After reports emerged today about Phillips' daring escape attempt, his sister-in-law Gina Coggio told ABC News, "The family is not making any comment."
The high-seas drama settled into a standoff after the pirates boarded the container ship Maersk Alabama Wednesday while firing AK-47 assault rifles, but were forced off the ship a short time later by the unarmed 20-member American crew who captured one of the pirates.
Phillips apparently prevented a bloody counterattack by the pirates by offering himself as a hostage. A prisoner exchange was arranged, but the pirates didn't keep their part of the bargain and refused to let the captain go free.
Gina Coggio told "Good Morning America" today that she believes Phillips tried to save his crew from any pirate gunfire by volunteering to be their hostage.
"What I understand is he offered himself as the hostage to keep the rest of the crew safe," Coggio told "GMA." "That is what he would do, that's just who he is, and his responsibility as the captain."
Another sister-in-law, Lea Coggio, agreed. "That's my brother-in-law, thinking of his crew, ship and cargo as well. That's Richard."
Murphy's mother, Marianne Murphy, told ABC News she was proud of her rough and tumble son for taking on the pirates.
"All those GI Joe dolls I bought him paid off," Marianne Murphy said.
Lea Coggio described Phillips, a former Boston cabbie, as a lovable daredevil.
"He liked going one-way streets the wrong way," Coggio said. "He's fun to be around, easygoing, lovable guy. ... There'll be a good story to tell when he gets through this, but on board it's serious business," she said.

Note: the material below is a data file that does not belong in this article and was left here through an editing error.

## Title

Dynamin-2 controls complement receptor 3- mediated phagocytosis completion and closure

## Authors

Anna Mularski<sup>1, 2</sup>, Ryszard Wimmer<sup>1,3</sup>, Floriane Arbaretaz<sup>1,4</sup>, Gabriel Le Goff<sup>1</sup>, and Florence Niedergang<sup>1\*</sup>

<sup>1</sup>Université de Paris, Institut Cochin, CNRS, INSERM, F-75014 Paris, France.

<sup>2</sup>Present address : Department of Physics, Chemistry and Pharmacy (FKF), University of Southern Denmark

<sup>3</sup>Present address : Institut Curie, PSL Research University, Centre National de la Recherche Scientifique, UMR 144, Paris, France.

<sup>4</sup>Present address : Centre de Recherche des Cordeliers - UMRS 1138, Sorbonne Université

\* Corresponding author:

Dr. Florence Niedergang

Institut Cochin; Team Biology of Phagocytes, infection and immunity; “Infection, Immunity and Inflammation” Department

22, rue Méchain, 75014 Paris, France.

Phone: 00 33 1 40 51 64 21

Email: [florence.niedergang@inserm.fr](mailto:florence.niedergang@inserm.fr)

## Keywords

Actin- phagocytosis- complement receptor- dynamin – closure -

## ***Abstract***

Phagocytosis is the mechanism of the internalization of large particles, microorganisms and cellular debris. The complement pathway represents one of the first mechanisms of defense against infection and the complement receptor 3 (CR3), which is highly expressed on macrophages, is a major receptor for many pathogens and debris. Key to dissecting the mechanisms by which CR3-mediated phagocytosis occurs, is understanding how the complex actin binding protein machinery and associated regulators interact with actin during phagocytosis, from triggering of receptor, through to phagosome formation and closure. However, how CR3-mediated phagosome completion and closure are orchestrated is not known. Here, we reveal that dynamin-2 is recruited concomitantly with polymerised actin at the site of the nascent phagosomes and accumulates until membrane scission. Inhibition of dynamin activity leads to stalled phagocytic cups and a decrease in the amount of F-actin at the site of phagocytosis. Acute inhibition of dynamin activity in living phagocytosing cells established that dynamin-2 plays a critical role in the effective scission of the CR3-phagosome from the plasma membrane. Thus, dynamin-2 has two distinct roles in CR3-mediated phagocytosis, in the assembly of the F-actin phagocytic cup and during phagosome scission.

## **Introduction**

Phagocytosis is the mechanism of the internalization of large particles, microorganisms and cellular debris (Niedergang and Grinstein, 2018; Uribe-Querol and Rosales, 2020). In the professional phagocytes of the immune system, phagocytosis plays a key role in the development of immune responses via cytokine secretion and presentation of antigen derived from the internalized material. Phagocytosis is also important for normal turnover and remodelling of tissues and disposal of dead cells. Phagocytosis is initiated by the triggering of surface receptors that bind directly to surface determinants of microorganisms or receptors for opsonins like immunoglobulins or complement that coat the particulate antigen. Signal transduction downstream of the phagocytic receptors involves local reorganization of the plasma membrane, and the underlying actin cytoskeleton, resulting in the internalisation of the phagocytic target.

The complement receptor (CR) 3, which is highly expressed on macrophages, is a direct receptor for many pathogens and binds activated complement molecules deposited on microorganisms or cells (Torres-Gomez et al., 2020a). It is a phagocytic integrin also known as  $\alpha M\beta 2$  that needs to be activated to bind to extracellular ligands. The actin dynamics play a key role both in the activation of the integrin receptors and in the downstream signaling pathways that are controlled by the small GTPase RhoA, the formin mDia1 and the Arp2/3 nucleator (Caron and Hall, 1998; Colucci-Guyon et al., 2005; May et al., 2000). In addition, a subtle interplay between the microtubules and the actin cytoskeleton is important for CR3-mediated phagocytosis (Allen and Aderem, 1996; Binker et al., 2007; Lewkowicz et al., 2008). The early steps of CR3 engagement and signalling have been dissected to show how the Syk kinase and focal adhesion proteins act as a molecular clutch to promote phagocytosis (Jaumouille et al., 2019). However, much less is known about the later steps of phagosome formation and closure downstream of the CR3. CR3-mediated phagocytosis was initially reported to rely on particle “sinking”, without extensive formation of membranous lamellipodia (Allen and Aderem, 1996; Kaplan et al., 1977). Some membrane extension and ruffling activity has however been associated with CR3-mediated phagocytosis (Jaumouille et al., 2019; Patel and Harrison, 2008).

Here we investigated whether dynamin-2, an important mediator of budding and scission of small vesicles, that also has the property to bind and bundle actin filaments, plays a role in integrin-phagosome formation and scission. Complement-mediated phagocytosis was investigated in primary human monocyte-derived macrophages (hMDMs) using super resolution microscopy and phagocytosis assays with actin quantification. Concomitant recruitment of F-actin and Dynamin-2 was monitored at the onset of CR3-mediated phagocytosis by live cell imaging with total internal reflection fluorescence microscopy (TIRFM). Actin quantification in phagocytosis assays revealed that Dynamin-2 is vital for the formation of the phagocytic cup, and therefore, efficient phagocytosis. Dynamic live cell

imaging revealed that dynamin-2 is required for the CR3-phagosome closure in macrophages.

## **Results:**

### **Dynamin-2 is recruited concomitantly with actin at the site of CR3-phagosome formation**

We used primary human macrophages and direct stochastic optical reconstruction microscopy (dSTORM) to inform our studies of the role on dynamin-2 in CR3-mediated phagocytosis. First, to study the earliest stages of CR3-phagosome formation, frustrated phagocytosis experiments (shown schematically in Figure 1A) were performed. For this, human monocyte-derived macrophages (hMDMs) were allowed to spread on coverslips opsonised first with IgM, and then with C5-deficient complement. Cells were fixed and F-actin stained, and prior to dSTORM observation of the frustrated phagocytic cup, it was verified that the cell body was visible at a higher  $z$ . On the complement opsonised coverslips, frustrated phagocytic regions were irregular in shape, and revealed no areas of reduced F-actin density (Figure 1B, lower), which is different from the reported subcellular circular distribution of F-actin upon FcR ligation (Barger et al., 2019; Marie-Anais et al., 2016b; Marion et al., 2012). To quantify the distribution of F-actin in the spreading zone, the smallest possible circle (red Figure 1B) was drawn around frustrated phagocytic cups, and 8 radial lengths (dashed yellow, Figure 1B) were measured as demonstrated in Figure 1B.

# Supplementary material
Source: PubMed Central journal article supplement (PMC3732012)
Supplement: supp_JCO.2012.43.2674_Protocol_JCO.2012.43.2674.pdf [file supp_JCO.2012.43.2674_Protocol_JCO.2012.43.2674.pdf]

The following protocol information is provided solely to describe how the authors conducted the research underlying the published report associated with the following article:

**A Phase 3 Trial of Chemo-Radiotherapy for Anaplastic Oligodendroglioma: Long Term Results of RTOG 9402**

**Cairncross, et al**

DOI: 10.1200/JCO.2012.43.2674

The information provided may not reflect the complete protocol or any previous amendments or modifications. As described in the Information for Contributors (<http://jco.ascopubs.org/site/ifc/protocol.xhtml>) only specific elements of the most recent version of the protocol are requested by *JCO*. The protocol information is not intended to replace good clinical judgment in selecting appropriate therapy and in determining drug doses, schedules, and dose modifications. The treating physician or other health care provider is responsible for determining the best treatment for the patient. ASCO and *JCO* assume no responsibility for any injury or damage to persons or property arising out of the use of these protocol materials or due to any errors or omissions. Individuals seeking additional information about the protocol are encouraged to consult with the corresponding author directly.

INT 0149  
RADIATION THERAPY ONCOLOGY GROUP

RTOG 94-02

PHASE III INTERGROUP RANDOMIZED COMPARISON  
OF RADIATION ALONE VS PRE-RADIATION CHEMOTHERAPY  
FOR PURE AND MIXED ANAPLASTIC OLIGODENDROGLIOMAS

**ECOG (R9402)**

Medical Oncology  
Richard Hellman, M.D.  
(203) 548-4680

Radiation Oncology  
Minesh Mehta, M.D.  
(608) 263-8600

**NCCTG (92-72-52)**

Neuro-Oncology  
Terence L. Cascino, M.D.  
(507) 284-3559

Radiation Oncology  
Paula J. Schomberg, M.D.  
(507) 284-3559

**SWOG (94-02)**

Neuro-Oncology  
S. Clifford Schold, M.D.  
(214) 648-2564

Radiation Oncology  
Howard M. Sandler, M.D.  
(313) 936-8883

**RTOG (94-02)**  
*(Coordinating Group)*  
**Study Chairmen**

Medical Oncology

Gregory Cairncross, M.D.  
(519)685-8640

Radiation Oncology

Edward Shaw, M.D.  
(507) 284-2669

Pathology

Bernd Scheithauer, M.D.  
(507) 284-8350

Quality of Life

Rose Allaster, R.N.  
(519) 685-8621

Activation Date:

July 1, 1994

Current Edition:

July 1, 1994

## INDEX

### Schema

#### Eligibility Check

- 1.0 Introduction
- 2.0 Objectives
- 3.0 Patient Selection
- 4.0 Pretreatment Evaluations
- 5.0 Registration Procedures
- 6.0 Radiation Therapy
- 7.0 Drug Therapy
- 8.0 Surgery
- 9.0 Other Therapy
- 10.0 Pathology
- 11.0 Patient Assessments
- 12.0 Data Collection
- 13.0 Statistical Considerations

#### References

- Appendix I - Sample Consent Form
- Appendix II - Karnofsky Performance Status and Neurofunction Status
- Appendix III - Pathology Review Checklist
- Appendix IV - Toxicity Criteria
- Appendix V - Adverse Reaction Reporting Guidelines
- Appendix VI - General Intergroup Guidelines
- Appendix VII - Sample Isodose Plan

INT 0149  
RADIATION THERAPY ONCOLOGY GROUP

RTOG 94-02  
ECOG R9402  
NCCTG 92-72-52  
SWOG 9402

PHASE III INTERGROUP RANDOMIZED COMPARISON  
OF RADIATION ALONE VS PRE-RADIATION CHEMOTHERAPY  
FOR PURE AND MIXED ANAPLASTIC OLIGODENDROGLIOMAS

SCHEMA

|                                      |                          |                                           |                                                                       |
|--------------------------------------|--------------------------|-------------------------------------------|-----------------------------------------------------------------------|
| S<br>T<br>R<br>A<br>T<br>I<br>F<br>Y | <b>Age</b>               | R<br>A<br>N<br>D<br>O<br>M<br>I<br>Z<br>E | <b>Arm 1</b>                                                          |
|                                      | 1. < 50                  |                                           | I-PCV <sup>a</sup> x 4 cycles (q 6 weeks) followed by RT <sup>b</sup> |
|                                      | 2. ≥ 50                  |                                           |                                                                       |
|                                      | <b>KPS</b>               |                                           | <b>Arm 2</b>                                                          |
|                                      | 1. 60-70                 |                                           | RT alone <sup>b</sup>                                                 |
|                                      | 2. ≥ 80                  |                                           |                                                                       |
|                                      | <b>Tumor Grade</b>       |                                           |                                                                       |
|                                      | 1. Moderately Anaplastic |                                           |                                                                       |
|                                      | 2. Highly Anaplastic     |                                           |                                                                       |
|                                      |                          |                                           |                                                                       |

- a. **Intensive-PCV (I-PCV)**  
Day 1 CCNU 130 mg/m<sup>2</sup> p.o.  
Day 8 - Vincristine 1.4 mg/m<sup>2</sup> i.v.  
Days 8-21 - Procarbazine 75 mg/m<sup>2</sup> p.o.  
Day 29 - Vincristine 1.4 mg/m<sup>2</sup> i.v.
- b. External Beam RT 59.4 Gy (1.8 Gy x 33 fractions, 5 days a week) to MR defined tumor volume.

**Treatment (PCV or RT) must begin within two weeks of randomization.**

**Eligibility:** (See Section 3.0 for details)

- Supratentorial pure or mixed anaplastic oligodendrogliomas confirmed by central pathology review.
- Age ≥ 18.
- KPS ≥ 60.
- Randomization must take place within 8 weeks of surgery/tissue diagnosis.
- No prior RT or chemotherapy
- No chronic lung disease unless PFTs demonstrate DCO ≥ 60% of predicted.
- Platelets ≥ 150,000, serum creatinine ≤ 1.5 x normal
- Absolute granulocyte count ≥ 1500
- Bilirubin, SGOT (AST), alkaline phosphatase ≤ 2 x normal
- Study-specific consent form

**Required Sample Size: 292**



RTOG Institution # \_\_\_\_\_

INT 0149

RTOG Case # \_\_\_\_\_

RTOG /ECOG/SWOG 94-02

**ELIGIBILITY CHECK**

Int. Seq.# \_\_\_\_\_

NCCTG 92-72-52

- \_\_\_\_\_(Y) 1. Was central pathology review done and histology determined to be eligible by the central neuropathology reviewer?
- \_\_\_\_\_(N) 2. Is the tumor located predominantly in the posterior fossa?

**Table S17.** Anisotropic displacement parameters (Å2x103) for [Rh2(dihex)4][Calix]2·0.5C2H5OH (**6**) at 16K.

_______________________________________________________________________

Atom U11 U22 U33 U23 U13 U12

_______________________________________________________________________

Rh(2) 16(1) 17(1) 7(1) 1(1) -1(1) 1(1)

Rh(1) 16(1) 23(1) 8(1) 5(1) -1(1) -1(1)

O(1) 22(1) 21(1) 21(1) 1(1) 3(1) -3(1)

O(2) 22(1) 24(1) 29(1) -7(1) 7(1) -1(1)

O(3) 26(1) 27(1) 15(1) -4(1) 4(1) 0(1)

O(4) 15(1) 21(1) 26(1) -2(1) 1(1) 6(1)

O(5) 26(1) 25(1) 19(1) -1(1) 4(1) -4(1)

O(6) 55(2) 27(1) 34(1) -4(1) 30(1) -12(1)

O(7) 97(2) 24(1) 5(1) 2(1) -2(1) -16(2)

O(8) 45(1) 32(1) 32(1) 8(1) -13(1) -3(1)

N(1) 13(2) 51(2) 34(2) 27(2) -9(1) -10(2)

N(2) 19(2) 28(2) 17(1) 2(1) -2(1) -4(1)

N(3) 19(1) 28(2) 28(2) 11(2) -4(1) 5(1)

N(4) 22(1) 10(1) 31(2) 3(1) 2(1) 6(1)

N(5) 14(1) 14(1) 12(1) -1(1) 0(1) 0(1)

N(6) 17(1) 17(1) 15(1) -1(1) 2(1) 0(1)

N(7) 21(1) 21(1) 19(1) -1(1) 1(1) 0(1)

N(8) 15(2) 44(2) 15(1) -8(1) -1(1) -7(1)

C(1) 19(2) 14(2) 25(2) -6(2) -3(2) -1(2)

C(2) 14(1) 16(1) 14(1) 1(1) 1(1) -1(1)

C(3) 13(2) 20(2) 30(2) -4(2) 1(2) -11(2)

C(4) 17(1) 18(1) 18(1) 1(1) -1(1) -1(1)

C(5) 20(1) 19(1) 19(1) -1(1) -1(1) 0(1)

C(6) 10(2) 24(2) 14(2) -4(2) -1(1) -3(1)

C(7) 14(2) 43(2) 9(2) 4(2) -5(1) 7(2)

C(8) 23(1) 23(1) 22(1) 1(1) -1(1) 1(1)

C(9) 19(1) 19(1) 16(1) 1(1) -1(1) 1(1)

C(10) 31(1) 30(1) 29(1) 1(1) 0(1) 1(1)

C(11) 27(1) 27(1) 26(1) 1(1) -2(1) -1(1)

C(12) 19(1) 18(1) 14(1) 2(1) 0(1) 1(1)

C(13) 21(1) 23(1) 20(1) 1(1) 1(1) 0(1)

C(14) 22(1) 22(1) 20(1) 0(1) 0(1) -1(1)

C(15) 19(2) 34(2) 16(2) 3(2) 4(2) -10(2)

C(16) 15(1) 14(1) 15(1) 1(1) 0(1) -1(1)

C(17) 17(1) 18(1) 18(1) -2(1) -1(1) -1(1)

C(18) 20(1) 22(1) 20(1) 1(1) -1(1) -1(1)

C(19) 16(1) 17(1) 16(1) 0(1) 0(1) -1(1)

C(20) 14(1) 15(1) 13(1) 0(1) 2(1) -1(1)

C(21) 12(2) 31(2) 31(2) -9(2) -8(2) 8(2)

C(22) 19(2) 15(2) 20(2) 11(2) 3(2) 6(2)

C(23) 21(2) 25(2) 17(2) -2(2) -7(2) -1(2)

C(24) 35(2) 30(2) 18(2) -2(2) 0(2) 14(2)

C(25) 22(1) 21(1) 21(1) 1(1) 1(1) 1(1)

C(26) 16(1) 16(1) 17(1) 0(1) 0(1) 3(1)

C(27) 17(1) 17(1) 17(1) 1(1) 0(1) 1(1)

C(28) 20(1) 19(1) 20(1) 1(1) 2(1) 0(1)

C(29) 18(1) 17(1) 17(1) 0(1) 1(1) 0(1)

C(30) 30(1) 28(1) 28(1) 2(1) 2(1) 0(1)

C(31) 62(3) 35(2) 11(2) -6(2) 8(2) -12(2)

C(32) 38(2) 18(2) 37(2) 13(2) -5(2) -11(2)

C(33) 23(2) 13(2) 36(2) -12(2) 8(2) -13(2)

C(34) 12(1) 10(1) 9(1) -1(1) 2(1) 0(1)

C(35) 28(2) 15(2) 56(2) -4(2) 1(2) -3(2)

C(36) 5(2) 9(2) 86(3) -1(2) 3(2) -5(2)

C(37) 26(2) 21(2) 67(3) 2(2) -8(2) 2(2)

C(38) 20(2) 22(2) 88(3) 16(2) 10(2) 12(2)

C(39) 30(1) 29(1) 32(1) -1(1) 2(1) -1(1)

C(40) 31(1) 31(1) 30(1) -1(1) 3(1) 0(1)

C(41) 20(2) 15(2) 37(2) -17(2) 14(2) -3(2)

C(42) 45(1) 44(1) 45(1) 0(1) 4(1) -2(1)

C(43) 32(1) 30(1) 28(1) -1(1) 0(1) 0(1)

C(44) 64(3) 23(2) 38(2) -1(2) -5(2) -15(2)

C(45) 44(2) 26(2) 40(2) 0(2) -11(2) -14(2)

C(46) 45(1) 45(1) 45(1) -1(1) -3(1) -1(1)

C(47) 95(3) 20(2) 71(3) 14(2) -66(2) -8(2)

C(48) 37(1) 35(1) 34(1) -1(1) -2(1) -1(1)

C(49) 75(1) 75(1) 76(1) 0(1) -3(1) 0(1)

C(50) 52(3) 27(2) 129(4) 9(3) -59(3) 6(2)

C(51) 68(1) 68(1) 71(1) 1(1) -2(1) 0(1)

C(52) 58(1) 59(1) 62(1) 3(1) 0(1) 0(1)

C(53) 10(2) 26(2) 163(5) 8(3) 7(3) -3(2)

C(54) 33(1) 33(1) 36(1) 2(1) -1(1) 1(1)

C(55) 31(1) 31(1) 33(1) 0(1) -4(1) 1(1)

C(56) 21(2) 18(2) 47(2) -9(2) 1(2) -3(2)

Capt. Joseph Murphy, the father of Philips' second-in-command on the Alabama, teaches maritime cadets about piracy at the Massachusetts Maritime Academy.
"Capt. Phillips will survive, he'll be fine," Murphy told "GMA." "The pirates put themselves in a tenuous situation. They have to negotiate."
In an interview last month, Shane Murphy talked about the danger faced by cargo ships from pirates.
"All the vessels transiting the areas are on heightened watch capabilities. Everyone is prepared. They are putting up as much of a defense as they can," he said. "There is no telling when or where the attacks are going to happen and the amount of vessels that transit the area, it is impossible to patrol them all. ... The difference with the Somali pirates is they are more just armed thugs or bandits and they are ruled by the law of the gun in that country now."
The U.S. Fifth Fleet heads an international naval task force to deter piracy off the coast of Somalia. The European Union and NATO also have naval task forces in the area to combat pirates. Just Tuesday, they issued a new warning to mariners in the region about increased pirate activity.
Mwangura said the attack on the Maersk Alabama demonstrates the change in the pirates' tactics by attacking ships away from the Gulf of Aden to the Indian Ocean where most of the Navy task force is concentrated. The pirates are now hunting in the Indian Ocean east and south-east of the Somali and Kenyan coastline.
Maersk Alabama was the sixth ship to be taken hostage in five days, and five of them have been captured in the last 48 hours.
At least three have been hijacked near the Seychelles Islands, some 400 miles south of the Somali coastline, and well out of the range of the Gulf of Aden where the Navy is patrolling.